This content has been archived. It may no longer be relevant
Germany’s multiparty parliamentary system is a distinct contrast from the American congressional system. German citizens get two votes in the election, one for a local constituency representative, and one for a party representation in the Bundestag, the German parliament. If the dominant party does not garner a majority in the Bundestag, then it can build a coalition with other parties.
On Sunday, September 24th, German citizens re-elected Chancellor Angela Merkel to her fourth, four-year term. The Christian Democratic Party (CDU) emerged once again as the dominant party, claiming 33 percent of the vote. However, this number stands far from a clear majority.
The other major chancellor candidate, Martin Schulz, from the Social Democratic Party (SPD) trailed Merkel with 22% of the vote. The Alternative for Germany (AfD) party was the third largest group elected into parliament, with 14%. Smaller parties such as the Free Democratic Party (FDP), the Left and the Greens also won seats.
“Voters in Germany have more diverse choices across the political spectrum, and anything from far left to far right can have a viable voice within the Bundestag,” said Principia political science professor Brian Roberts.
“You have a lot more choice in what you’re directly voting for and what represents you, Senior Timon Keller, a German national at Principia, added. “A downside is that certain fields get divided a lot. For example, what would be Democrats in the United States are spread out over three parties.”
While Merkel and the CDU’s victory are not surprising, a few things make this election unique.
First, in the wake of Britain’s decision to leave the European Union, Germany’s leadership will play a large role in shaping the EU’s approach to Brexit over the next few years. Merkel will continue to be instrumental in deliberations and decision-making processes.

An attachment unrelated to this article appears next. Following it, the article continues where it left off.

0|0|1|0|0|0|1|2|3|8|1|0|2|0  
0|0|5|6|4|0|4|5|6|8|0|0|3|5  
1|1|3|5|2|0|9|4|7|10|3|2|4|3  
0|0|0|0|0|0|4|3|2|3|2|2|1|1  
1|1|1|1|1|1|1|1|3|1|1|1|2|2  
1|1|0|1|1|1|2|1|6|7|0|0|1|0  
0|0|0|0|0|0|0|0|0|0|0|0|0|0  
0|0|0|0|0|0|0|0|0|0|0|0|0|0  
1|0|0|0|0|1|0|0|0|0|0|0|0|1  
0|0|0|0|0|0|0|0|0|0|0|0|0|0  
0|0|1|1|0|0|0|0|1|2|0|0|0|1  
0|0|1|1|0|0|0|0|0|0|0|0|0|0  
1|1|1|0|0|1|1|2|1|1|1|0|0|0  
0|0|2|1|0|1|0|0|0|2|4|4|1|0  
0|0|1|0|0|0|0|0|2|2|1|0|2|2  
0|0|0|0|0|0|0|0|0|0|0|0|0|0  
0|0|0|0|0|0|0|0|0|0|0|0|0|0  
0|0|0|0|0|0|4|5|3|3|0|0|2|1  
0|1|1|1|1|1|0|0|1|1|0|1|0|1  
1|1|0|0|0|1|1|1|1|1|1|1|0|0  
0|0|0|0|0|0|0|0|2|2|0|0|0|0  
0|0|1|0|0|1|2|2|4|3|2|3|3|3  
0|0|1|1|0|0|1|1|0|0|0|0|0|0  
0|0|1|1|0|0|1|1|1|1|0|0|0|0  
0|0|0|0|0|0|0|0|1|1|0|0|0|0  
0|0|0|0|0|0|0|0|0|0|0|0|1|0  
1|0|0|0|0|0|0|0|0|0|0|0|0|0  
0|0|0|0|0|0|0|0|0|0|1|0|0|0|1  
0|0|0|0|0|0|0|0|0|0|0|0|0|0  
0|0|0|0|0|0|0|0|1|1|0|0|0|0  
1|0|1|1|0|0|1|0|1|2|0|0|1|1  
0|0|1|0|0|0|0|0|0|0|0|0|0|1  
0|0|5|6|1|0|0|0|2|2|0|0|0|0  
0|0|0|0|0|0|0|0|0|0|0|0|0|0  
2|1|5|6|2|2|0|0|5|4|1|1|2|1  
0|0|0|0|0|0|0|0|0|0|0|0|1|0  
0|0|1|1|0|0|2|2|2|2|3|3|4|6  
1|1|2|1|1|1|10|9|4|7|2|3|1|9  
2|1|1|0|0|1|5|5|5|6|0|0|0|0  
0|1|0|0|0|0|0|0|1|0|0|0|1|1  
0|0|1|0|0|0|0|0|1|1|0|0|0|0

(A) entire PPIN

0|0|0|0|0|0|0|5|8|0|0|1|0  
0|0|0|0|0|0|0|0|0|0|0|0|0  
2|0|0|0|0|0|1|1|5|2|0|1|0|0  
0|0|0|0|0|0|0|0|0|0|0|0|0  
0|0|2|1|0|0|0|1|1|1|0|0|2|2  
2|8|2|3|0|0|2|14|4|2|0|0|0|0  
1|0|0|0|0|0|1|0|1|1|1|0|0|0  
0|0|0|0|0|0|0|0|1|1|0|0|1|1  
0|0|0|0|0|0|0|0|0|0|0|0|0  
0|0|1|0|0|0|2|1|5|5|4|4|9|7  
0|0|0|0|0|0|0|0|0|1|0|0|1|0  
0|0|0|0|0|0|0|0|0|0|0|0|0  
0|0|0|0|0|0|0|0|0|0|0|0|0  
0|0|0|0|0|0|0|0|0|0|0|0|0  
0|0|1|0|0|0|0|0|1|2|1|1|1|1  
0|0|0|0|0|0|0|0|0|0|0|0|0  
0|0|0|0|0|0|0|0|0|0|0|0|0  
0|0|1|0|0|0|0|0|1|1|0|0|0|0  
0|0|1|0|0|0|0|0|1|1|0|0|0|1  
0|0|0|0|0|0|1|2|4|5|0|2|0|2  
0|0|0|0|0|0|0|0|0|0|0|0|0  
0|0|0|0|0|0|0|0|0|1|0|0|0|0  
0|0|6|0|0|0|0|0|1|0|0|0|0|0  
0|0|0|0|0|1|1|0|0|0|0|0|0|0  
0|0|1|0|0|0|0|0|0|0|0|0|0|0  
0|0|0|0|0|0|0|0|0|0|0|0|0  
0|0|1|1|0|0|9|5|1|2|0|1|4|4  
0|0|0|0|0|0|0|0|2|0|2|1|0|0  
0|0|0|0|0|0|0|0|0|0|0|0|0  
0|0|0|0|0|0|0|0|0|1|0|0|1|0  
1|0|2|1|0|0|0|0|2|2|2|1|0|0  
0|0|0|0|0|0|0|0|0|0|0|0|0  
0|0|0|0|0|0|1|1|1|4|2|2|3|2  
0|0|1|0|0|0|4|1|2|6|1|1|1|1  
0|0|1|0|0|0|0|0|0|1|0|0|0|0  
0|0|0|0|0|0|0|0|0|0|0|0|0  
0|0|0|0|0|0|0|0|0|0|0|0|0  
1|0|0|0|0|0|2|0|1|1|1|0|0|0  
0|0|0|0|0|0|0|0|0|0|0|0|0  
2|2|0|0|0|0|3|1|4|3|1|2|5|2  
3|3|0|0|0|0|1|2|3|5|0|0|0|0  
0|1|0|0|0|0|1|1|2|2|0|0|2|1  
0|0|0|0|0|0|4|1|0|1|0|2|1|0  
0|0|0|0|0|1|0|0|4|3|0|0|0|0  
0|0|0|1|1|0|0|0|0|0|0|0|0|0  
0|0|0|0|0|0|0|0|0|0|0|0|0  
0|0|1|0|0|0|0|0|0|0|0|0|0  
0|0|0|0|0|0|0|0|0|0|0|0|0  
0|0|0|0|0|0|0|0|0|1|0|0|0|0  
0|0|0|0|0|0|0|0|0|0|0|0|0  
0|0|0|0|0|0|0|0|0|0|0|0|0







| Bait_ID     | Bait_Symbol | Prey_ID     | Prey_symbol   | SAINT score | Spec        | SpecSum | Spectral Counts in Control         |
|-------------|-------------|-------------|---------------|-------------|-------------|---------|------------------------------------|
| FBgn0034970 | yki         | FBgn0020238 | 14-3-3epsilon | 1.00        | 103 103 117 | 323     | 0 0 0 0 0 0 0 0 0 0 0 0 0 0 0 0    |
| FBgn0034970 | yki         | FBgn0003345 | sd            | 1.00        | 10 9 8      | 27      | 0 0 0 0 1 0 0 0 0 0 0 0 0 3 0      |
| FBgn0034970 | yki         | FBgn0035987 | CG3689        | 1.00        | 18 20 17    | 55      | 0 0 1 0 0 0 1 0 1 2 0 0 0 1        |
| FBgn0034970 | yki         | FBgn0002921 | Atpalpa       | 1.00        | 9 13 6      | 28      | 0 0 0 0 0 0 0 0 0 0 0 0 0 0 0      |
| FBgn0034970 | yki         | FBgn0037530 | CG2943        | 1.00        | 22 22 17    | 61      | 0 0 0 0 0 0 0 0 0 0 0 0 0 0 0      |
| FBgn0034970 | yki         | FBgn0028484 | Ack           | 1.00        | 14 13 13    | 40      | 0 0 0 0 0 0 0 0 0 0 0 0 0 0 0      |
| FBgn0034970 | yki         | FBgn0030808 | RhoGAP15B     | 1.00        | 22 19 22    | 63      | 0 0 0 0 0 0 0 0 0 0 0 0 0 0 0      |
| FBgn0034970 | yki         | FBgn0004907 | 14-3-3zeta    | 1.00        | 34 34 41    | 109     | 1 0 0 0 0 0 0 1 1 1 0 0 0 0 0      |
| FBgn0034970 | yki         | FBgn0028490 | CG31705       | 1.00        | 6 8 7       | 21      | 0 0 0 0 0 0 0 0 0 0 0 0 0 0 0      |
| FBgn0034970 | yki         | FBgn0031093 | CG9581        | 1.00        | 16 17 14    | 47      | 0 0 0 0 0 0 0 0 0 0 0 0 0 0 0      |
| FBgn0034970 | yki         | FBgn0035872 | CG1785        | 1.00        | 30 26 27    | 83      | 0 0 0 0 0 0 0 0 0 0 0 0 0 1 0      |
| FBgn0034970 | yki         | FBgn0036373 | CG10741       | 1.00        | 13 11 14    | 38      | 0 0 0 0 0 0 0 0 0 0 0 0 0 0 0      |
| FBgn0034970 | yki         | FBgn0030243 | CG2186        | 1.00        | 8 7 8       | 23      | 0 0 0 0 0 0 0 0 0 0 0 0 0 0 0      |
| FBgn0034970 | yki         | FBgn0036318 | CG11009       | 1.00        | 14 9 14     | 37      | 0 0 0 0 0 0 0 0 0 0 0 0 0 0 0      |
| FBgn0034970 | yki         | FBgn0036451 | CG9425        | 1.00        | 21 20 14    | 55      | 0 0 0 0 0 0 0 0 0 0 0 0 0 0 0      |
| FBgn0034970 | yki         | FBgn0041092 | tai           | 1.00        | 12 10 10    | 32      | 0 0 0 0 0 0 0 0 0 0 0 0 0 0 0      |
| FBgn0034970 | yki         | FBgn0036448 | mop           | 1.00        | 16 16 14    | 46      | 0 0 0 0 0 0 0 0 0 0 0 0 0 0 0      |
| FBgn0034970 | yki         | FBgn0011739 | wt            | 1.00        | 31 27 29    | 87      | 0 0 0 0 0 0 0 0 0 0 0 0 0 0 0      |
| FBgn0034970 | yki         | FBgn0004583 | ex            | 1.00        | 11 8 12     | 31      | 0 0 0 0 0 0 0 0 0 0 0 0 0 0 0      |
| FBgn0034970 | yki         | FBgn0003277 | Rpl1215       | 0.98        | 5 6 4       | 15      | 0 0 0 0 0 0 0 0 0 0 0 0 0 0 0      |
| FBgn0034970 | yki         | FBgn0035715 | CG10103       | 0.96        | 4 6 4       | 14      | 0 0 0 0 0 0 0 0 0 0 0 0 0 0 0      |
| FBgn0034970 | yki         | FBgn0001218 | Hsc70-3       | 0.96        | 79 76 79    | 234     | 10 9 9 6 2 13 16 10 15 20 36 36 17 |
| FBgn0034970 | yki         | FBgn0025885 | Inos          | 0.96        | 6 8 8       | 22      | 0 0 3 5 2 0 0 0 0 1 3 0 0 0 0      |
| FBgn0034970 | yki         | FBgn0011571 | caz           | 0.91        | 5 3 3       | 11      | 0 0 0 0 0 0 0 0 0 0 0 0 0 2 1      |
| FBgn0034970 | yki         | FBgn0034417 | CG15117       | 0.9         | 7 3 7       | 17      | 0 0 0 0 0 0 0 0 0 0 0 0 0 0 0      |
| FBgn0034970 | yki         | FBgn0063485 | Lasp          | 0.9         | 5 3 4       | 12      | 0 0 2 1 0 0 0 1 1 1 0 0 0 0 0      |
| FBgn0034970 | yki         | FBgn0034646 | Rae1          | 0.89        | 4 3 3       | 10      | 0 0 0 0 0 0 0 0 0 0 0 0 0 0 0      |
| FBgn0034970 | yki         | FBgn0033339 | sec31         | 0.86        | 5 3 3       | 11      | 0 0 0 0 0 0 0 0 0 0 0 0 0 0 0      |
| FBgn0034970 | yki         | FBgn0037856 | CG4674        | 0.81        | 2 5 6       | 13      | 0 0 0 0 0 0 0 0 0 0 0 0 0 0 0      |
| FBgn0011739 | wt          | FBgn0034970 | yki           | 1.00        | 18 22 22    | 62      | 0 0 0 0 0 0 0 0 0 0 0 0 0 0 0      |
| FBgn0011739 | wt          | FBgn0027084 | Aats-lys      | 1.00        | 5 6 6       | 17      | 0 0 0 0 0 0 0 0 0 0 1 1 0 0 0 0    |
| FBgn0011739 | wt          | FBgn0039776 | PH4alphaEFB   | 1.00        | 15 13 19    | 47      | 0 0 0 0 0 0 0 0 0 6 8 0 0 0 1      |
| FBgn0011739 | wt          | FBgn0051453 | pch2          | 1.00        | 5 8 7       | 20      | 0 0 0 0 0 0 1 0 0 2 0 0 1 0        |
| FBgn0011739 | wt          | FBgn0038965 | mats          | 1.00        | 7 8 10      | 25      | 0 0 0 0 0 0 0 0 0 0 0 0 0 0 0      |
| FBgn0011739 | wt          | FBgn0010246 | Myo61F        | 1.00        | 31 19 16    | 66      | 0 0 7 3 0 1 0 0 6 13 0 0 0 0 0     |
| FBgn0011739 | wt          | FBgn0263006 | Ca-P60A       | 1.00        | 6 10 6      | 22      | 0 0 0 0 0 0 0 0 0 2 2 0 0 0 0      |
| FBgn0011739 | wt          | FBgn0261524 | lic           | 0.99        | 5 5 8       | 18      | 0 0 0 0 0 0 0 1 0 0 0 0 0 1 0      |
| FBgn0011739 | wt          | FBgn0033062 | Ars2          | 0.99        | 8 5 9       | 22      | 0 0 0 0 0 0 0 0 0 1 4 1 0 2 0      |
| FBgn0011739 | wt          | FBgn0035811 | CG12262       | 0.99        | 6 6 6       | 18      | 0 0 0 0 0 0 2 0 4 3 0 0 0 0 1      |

Secondly, Germany has seen a rise of the Alternative for Germany Party (AfD), a right-wing populist and Euro-skeptic party. Established in 2013, it has gained momentum in recent months, especially in response to the increase of immigration into the country. The AfD emerged as the third largest constituency in the Bundestag, garnering 14% of the vote.
Philipp Welker, a German student living in Paris, expressed his concern. “The AfD is not open-minded or future-oriented, which could be a bad thing for Germany.”
Despite this seeming worry from some German citizens, AfD’s success represents a percentage of the populace that feels unheard by the government, much like what we’ve just seen in the most recent United States election.
Merkel reacted thoughtfully, and recognizes the importance of those who voted for the AfD. “We want to regain those voters who voted for the AfD, discover their concerns and worries,” she said in her victory speech.
Keller stated, “It’s important that we, as Christian Scientists, look at the context and cause for what is going on, not just the material image, so we can look at the thought and the reason for it.”